Realizing Parker’s novel was more than just a good read, Harris saw the cinematic potential and teamed up with Robert Knott to collaborate on the screenplay.
“We explored the ways friendship could be expressed on screen through both the silence and banter between Cole and Hitch–how each of them played such an integral role in supporting each other along the way, how they dealt with the fear of death or lack thereof, and how they understood each other’s needs,” remarks Knott, who also serves as a producer on the project.
Ed Harris Perfect for the Part
In addition to writing the script for “Appaloosa” with Knott, Harris made the decision to direct and produce the film, and to star as Virgil Cole. “Ed is absolutely perfect for the part,” says author Robert Parker. “He looks the way I thought Cole would look. He has this economy of movement that Cole has. Ed has a distinct sense of self-containment; he’s never in a hurry, but he’s still a beat faster than most people. He also has a ‘he-does-what-he-sets-out-to-do’ kind of attitude, which is not unlike the character of Virgil Cole.”
“Ed brings an amazing strength of character that’s in every frame of the movie,” says exec- producer Michael London. “He has a very powerful, quiet presence, which he brought to the character.”
In “Appaloosa,” Virgil Cole is an expert gunman who is committed to his trade as a man of the law. “Whether it’s the law that he brings to a town or the law of a territory, that is his life’s work,” offers Harris. “He believes in justice and in treating people fairly. He has a bit of a temper, but he’s also got a sense of humor about what he does. He’s a very loyal individual, and you see this in his friendship with Everett Hitch.”
Costume Designer David Robinson
Outfitting the characters in “Appaloosa” was the task of costume designer David Robinson, who scoured old photographs and Western antiques in his research. Robinson found similarities among men’s fashion in the day and reasoned that the similarities stemmed from the practicalities of the situation. “For instance, you wear a bandana to keep your neck from chafing, and you’d wear a vest because it gives you that extra layer,” the designer offers.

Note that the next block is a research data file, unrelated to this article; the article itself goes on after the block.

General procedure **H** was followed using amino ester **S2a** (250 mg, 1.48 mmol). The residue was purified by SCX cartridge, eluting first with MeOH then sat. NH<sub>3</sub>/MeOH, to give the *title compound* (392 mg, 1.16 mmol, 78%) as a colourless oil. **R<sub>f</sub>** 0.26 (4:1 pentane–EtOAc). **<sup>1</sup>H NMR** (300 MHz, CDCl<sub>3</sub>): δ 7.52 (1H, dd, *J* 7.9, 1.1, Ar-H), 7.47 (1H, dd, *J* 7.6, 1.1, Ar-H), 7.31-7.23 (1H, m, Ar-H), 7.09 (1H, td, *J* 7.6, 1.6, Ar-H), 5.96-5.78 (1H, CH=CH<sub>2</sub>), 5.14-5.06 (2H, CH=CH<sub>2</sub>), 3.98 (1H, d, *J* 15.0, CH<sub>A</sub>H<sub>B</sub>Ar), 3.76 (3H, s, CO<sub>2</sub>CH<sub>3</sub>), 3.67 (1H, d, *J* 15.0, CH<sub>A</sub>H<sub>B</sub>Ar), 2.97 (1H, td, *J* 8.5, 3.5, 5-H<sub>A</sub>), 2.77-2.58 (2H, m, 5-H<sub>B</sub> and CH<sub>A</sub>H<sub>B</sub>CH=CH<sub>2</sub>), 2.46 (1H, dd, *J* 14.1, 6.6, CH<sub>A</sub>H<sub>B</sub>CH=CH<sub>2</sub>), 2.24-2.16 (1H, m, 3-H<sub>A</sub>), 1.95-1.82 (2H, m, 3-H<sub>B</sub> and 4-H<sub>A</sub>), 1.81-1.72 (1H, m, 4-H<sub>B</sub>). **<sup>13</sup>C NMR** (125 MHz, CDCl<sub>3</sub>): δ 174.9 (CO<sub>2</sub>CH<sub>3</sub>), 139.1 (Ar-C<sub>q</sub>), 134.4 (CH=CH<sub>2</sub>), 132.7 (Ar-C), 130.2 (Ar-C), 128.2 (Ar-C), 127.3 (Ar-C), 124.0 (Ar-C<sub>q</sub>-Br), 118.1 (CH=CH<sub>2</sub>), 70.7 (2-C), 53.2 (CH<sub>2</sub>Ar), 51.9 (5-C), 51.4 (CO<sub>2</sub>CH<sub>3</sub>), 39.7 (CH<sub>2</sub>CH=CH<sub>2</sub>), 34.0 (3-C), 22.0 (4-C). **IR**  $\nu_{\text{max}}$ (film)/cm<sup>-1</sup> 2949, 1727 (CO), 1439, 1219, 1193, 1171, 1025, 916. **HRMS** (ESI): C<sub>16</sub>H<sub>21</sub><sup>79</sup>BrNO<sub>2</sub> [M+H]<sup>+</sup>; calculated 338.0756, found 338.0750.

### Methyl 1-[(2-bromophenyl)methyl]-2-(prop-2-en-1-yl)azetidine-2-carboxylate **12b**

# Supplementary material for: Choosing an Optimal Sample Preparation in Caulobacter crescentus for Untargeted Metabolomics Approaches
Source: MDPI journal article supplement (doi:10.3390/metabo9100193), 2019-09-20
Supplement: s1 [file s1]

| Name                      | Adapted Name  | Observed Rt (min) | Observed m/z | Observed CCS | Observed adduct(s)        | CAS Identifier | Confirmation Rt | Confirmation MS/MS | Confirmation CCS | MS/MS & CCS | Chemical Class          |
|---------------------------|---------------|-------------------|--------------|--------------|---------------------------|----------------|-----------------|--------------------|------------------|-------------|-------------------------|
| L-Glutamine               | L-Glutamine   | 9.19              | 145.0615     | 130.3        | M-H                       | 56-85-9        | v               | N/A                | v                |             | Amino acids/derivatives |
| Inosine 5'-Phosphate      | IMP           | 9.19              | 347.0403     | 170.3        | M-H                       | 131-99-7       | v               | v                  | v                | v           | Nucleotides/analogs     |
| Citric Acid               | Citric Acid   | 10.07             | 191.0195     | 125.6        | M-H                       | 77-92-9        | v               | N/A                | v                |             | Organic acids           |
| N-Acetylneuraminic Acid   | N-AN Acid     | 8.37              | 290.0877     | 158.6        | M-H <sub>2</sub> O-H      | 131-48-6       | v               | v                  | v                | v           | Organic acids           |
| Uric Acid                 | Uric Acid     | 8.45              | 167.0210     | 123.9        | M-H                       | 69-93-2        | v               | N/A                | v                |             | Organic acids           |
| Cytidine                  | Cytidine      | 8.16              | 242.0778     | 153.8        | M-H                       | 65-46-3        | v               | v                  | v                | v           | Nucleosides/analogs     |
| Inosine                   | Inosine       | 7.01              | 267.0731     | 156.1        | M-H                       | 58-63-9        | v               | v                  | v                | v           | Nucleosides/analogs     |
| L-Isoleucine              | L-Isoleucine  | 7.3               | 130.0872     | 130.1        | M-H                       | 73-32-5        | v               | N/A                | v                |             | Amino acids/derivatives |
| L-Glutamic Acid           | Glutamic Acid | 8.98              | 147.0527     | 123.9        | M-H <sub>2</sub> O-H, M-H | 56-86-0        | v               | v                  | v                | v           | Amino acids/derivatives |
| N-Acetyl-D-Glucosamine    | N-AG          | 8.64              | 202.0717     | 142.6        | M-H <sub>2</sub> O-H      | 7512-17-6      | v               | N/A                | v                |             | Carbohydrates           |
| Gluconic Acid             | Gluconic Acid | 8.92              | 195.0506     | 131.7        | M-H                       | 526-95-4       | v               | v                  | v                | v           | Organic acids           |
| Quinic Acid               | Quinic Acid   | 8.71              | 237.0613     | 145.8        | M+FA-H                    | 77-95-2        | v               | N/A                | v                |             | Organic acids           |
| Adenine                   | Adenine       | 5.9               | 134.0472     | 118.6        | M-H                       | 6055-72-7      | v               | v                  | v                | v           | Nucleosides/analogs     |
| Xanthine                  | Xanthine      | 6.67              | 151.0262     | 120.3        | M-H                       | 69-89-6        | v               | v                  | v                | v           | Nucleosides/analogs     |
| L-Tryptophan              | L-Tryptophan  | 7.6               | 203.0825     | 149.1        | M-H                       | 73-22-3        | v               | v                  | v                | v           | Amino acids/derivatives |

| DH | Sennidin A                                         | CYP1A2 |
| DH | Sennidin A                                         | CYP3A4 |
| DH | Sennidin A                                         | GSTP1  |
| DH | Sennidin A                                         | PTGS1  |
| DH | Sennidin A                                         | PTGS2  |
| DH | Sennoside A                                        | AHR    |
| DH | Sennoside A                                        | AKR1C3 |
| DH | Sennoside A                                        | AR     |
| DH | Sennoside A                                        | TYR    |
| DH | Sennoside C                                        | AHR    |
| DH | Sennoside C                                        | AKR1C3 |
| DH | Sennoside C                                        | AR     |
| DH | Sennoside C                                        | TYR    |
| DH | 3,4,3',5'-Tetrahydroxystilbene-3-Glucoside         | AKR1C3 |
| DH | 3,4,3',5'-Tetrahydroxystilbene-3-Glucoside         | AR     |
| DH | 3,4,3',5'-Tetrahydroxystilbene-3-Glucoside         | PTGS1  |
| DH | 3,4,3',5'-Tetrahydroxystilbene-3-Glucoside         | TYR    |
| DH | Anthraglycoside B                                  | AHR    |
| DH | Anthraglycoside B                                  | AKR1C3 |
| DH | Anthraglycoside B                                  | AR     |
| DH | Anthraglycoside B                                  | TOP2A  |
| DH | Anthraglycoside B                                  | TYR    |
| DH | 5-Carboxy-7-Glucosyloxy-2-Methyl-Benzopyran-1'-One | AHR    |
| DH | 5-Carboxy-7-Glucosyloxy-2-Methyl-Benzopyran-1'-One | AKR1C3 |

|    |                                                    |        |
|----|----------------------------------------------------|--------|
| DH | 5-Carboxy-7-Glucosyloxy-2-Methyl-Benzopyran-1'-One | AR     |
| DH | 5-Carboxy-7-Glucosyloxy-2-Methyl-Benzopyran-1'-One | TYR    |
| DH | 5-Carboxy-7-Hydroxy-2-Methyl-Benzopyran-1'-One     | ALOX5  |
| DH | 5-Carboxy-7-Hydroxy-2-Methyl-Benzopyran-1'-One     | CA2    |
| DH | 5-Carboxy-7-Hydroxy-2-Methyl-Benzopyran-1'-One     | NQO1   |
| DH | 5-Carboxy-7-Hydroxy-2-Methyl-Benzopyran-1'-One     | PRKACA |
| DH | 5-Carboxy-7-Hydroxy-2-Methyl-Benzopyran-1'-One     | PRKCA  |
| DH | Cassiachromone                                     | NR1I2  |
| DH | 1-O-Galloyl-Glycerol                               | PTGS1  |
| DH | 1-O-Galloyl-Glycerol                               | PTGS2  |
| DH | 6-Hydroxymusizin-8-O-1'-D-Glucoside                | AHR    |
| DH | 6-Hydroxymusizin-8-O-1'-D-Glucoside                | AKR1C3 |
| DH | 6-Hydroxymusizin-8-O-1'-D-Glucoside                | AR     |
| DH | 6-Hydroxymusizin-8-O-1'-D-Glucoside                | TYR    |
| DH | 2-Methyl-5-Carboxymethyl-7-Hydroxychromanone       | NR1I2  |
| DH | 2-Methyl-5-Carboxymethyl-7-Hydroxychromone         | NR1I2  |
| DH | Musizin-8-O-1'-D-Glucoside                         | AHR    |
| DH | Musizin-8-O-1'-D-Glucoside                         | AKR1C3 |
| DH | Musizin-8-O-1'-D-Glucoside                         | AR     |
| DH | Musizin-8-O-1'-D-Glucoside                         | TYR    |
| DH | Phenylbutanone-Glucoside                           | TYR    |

Additionally, the costume designer aimed to strike a balance between fashion and realism. “Photography at the time was a new invention, and those who had their photos taken were probably more dressed up than they normally would be for day-to-day life,” Robinson notes.
Classic Vs. Down-to-Earth
In creating the costumes for Virgil Cole, says Robinson, “Cole has a classic style. He’s often seen in a Prince Albert-style blazer jacket in charcoal gray along with black pants and striped period shirt. He’s very no-nonsense. And everything is well-kept.
“Hitch is more down-to-earth. His colors are browns and greens,” continues Robinson. “He’s very practical, so when something rips, he just sews it up. He has a leather saddle strap that’s been added to his jacket so his gun belt won’t wear on his jacket.”
Another key detail in the making of “Appaloosa” was the use of historically accurate firearms. The most noticeable gun in the film is Everett Hitch’s eight-gauge–a rare weapon also called a “punt gun” or a “market gun.” At 50 inches long and weighing more than 11 pounds, it’s an intimidating weapon. The cumbersome eight-gauge was most often used while sitting on a swivel in a boat, to fire into large flocks of ducks or geese for food and feathers. Technically a shotgun rather than a rifle, the eight-gauge shoots a number of pellets or buckshot, which spread out as they come out of the muzzle. Virgil Cole’s trusty pistol is a bone-handled Colt 45, vintage 1873.